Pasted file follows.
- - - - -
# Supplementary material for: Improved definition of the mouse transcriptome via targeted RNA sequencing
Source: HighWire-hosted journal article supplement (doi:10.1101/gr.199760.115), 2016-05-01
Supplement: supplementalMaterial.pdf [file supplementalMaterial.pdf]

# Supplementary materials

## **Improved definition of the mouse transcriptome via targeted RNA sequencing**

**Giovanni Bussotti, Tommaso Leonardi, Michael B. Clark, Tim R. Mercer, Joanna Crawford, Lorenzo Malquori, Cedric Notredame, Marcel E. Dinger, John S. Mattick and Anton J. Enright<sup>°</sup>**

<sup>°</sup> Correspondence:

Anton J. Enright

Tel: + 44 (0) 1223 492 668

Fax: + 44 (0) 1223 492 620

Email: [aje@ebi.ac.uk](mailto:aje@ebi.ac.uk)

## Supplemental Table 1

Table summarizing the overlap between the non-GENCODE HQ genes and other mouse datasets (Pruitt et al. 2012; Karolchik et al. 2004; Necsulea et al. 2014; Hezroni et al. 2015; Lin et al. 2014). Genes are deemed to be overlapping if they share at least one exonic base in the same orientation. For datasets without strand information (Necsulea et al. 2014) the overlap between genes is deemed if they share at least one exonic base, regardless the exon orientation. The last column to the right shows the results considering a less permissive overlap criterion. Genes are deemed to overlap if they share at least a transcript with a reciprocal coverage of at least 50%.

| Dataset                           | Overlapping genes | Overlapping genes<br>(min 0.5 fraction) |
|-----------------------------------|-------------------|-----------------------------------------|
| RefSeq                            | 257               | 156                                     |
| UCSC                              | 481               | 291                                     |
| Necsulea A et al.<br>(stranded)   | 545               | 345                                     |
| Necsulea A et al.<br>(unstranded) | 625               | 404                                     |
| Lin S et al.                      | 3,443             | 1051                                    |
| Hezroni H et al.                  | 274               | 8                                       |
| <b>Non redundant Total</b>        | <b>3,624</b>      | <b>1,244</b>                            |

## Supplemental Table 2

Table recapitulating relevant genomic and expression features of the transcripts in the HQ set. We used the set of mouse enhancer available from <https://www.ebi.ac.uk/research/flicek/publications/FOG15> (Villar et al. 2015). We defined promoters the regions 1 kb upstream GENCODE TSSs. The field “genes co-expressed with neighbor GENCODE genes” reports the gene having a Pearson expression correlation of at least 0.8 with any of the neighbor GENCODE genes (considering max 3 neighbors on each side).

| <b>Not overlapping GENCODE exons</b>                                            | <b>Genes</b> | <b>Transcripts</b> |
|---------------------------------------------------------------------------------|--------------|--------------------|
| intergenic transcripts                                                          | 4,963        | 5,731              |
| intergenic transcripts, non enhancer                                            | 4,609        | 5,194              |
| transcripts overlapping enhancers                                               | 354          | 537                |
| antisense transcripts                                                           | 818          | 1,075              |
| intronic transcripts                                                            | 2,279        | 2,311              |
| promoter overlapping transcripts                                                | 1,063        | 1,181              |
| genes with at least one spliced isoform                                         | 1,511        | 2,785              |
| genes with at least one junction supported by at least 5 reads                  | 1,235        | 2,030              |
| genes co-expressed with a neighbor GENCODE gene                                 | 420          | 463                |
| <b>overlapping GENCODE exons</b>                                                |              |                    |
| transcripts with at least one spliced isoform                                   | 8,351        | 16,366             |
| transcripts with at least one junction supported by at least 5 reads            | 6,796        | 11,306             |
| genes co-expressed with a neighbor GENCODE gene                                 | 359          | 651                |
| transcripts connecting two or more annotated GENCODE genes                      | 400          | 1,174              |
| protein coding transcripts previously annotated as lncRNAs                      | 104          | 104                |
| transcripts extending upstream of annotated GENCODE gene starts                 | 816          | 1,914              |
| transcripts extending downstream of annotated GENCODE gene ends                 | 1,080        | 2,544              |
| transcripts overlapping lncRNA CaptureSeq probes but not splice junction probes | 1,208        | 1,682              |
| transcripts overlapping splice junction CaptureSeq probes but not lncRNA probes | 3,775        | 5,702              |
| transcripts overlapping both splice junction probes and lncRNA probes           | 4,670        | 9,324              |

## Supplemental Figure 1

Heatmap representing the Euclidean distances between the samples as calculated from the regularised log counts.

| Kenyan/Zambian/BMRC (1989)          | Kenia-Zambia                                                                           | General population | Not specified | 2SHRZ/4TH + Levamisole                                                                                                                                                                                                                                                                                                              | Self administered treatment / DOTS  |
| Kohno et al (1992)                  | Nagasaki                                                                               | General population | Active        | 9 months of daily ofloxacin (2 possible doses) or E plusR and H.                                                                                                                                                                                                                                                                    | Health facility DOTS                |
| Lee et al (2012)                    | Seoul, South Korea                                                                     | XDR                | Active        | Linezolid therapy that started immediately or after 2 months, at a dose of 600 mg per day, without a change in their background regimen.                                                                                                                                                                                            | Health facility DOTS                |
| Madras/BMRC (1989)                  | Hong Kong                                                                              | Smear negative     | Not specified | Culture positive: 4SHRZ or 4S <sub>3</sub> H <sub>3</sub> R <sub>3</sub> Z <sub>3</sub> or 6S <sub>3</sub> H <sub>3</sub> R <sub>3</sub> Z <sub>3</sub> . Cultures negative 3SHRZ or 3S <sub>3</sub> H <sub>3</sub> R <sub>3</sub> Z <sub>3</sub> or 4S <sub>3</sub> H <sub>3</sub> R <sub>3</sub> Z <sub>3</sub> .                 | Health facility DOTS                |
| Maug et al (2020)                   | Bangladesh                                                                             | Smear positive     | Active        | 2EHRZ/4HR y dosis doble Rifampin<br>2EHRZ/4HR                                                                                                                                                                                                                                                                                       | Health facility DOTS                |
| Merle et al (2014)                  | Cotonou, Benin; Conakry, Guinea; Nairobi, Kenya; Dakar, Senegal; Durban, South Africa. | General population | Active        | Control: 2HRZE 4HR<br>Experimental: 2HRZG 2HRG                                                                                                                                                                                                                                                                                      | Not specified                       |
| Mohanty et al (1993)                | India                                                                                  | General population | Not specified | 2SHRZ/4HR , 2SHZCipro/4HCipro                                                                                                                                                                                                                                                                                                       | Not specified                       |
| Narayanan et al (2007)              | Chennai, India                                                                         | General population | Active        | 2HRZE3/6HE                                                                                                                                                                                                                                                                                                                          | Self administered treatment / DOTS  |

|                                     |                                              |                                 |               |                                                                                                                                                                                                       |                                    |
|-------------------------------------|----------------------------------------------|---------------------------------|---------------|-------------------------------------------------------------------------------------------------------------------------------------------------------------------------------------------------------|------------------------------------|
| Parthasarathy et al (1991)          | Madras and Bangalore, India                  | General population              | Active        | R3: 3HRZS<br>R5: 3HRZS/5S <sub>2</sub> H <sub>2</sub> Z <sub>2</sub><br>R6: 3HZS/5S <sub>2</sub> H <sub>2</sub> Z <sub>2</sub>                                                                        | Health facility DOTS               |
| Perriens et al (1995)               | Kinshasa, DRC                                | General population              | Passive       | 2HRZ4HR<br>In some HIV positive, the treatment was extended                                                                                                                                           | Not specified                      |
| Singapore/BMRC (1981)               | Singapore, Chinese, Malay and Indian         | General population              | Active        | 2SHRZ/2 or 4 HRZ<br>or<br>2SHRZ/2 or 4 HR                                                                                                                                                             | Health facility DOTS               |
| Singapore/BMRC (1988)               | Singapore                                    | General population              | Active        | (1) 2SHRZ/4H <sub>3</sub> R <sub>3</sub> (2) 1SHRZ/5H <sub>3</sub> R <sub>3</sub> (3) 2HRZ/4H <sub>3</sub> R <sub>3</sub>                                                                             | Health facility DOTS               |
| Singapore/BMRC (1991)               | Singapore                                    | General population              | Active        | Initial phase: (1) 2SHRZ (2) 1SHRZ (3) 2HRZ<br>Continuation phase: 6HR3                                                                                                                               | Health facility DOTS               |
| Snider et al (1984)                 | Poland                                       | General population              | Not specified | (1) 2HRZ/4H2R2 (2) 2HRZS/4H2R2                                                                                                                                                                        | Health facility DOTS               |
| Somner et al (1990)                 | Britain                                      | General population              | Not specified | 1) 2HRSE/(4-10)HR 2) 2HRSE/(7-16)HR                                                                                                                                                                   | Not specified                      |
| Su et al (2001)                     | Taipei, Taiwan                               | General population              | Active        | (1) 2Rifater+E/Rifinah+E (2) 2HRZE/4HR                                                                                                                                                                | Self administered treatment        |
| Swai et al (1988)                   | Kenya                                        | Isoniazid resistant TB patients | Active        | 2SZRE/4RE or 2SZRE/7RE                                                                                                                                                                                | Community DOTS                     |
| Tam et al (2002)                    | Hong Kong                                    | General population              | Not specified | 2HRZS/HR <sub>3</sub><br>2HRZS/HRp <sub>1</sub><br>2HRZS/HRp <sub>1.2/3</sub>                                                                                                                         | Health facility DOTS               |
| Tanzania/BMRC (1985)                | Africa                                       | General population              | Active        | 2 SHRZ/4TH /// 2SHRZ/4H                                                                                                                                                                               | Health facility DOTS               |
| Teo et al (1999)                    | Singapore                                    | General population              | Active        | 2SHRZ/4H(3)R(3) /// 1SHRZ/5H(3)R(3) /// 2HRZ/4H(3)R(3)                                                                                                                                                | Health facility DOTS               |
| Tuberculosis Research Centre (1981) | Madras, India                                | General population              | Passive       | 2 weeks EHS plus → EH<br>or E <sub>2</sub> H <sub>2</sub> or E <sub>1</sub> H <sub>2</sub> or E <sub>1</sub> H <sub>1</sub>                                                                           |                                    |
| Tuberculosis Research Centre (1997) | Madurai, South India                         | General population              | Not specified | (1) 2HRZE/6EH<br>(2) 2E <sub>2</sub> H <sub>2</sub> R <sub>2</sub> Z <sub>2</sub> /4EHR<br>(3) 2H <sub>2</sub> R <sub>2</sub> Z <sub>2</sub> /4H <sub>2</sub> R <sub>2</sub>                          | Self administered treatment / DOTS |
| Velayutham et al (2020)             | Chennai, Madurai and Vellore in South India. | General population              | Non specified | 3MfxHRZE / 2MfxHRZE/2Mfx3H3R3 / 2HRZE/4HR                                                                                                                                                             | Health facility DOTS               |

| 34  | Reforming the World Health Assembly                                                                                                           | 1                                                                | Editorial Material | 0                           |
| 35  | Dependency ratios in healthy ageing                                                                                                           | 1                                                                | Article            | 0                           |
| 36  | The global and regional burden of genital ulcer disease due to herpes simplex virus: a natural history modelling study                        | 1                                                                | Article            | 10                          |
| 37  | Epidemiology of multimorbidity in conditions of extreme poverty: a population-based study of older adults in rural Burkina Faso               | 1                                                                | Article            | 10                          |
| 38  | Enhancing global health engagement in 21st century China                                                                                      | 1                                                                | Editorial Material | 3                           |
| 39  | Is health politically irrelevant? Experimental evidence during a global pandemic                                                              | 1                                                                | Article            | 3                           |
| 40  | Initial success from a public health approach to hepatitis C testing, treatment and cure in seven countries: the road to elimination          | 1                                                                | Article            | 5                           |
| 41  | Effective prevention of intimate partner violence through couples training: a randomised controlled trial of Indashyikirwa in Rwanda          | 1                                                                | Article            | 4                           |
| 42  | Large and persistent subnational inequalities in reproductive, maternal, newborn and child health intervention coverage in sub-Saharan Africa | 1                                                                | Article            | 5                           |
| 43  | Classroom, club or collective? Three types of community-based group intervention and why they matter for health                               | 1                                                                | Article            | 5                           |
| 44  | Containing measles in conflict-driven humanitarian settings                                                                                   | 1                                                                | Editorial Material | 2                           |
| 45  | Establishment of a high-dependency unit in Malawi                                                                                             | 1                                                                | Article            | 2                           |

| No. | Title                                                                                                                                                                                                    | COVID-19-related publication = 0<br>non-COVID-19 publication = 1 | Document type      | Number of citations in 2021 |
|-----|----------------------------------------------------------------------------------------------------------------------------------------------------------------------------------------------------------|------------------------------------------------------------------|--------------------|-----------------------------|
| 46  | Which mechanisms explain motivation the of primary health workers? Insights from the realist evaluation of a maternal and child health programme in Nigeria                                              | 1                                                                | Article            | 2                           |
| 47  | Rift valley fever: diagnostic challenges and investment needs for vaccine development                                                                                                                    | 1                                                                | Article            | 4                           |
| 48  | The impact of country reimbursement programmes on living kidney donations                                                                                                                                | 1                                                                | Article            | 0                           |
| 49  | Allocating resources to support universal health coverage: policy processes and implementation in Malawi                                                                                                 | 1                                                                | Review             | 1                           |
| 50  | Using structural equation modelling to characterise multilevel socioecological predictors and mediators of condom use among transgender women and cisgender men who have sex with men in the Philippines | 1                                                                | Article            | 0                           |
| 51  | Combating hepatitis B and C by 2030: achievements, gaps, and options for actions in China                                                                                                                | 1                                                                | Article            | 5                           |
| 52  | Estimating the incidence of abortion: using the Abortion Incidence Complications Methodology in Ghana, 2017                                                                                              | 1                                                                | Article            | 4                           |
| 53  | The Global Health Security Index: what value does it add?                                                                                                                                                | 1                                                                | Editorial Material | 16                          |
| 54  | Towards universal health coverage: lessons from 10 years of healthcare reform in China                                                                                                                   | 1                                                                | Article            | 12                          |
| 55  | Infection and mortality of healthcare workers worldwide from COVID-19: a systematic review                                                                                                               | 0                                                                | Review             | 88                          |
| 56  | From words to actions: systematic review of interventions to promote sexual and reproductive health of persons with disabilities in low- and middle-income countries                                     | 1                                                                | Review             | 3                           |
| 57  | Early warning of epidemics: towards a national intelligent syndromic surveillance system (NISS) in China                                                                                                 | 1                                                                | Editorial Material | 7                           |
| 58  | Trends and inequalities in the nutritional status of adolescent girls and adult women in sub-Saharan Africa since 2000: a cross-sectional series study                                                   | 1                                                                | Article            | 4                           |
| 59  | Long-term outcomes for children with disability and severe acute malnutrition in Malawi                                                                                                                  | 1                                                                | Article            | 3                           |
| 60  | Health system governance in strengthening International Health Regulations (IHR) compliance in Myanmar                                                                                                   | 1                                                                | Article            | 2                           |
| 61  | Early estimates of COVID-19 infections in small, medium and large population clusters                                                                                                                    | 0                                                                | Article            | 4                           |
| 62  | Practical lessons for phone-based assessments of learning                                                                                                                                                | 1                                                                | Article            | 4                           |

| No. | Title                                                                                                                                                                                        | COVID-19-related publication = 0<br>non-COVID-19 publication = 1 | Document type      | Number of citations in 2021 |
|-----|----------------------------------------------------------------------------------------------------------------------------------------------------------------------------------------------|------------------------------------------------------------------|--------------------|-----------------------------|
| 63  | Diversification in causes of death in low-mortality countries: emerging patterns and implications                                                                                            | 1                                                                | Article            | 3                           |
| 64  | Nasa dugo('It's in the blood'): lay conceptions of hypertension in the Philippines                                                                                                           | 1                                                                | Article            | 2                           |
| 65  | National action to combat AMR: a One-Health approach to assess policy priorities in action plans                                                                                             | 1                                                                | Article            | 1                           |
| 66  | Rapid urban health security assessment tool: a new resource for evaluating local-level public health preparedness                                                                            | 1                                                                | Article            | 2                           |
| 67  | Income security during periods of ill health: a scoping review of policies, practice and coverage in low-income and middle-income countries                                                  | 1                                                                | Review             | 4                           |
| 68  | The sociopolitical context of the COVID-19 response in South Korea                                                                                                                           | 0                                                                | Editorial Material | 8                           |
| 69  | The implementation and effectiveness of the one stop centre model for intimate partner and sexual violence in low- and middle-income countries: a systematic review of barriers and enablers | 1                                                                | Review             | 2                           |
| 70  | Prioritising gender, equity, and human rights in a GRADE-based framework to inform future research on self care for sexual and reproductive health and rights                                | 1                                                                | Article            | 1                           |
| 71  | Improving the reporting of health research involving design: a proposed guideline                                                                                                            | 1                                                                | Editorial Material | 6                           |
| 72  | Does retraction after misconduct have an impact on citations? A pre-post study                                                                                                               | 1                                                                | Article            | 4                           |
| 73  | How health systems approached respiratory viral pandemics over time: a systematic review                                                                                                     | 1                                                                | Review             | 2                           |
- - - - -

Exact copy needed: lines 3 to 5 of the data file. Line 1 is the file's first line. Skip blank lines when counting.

Supplement: supplementalMaterial.pdf [file supplementalMaterial.pdf]

# Supplementary materials

## **Improved definition of the mouse transcriptome via targeted RNA sequencing**